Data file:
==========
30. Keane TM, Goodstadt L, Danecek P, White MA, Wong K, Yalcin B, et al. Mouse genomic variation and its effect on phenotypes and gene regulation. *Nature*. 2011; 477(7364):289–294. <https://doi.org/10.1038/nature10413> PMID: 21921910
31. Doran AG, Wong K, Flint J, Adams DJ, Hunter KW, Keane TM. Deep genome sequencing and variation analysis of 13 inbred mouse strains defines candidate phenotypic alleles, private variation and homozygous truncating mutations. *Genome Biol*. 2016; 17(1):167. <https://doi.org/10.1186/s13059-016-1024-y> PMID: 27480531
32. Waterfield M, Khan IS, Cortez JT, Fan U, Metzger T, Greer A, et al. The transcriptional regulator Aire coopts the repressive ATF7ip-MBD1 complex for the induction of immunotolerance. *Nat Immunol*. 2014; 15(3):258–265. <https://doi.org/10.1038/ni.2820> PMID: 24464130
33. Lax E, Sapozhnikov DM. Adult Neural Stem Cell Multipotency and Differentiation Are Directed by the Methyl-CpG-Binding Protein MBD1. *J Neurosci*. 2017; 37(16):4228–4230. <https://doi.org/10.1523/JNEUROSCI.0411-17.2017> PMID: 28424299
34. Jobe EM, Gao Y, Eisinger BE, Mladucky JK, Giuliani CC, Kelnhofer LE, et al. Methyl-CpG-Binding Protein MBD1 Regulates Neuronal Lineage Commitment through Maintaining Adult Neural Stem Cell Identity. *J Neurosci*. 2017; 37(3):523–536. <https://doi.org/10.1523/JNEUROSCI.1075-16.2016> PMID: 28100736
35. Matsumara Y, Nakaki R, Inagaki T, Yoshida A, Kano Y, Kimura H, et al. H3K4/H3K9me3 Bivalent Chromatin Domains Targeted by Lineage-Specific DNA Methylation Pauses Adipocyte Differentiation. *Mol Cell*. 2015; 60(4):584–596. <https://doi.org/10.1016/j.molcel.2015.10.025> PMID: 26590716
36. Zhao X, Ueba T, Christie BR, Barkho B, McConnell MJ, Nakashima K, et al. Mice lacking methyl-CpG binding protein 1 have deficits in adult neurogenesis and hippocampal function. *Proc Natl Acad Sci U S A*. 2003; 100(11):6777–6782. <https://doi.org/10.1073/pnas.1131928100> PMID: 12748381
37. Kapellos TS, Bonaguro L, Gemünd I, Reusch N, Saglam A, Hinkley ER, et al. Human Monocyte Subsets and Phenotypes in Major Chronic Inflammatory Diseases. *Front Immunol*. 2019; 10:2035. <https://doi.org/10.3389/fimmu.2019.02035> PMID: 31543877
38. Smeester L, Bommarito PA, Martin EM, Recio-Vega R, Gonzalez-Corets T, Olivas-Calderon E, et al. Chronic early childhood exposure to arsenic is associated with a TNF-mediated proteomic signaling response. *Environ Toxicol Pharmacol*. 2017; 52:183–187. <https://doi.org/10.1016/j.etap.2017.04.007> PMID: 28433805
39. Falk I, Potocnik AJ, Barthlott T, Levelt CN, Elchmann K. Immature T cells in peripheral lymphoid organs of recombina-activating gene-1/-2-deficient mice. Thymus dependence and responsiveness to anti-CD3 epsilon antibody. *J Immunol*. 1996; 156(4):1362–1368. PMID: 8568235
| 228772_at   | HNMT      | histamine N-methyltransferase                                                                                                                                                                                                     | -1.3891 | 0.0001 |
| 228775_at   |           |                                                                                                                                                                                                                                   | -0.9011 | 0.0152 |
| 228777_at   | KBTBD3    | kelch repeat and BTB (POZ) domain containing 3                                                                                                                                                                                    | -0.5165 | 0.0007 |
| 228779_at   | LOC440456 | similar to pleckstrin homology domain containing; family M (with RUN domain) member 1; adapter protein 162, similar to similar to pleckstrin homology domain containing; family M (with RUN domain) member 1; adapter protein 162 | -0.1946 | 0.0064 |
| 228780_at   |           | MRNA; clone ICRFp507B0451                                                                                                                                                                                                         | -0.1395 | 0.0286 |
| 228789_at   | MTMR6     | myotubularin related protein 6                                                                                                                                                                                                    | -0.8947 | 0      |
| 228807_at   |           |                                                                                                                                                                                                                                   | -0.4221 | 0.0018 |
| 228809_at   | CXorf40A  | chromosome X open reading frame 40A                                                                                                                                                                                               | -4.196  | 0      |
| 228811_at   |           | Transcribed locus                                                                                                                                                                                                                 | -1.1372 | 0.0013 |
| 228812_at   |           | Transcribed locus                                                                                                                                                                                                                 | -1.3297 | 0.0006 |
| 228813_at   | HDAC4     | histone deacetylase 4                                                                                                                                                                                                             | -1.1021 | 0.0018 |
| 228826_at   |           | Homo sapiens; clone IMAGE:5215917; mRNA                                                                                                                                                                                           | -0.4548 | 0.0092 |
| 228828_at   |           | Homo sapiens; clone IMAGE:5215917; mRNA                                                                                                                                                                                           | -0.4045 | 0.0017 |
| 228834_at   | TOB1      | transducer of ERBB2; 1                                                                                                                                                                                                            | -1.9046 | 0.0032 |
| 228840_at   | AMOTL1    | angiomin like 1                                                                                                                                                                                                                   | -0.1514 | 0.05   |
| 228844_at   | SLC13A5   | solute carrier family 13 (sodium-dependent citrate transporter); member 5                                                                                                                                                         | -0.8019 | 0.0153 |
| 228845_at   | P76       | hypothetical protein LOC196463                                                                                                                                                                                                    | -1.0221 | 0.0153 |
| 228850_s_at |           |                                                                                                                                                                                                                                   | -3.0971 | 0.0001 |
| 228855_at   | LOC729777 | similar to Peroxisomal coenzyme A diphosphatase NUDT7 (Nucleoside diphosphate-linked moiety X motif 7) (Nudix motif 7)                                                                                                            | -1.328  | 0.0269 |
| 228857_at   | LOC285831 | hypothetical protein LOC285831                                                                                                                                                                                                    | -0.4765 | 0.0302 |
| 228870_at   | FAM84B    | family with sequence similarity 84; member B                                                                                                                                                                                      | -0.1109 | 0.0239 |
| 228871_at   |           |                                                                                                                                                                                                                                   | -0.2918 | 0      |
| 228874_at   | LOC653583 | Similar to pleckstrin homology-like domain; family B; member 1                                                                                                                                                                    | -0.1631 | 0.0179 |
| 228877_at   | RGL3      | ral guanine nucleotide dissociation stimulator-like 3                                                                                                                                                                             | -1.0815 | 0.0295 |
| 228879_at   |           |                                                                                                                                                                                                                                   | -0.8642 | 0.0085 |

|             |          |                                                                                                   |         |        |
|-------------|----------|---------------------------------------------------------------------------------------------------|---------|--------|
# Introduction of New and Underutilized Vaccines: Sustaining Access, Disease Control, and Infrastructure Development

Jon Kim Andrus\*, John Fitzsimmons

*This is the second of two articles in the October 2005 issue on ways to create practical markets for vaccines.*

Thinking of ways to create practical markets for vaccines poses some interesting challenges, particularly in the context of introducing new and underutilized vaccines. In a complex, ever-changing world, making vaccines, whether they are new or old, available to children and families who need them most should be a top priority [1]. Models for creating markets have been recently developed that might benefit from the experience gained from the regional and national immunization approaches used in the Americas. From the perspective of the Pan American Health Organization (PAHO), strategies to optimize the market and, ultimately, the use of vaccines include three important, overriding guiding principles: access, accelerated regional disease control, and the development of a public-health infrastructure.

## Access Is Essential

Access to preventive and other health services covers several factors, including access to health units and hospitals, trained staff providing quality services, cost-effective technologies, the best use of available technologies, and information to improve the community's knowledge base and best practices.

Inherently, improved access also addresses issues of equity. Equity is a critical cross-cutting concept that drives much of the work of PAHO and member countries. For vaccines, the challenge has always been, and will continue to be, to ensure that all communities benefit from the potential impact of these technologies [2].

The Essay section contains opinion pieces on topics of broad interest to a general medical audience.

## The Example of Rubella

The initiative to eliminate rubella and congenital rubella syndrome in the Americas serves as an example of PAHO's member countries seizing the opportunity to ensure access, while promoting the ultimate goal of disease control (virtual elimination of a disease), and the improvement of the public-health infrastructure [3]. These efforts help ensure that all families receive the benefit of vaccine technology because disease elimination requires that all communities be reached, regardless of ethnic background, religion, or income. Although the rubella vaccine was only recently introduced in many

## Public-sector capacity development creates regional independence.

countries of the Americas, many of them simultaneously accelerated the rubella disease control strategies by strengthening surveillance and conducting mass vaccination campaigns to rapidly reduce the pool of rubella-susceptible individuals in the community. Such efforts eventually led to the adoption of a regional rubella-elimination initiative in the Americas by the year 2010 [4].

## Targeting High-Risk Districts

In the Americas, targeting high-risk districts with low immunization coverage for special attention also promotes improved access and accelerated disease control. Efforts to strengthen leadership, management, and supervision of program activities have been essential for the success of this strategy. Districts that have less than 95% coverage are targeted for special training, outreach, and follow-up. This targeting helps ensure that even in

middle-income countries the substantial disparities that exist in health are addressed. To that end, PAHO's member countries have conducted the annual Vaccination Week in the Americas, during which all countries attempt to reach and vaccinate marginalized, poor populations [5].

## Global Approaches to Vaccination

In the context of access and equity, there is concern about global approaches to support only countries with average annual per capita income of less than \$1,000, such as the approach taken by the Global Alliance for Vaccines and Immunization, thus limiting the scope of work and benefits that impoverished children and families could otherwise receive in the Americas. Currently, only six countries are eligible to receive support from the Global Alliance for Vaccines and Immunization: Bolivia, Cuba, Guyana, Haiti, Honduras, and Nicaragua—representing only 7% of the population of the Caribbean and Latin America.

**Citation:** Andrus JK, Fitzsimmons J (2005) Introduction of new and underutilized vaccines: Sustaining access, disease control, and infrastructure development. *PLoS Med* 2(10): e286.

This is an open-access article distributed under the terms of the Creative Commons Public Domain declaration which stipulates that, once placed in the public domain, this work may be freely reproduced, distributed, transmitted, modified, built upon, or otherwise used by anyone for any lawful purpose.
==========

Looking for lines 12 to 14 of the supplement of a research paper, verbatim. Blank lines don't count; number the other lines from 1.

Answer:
| 228775_at   |           |                                                                                                                                                                                                                                   | -0.9011 | 0.0152 |
| 228777_at   | KBTBD3    | kelch repeat and BTB (POZ) domain containing 3                                                                                                                                                                                    | -0.5165 | 0.0007 |
| 228779_at   | LOC440456 | similar to pleckstrin homology domain containing; family M (with RUN domain) member 1; adapter protein 162, similar to similar to pleckstrin homology domain containing; family M (with RUN domain) member 1; adapter protein 162 | -0.1946 | 0.0064 |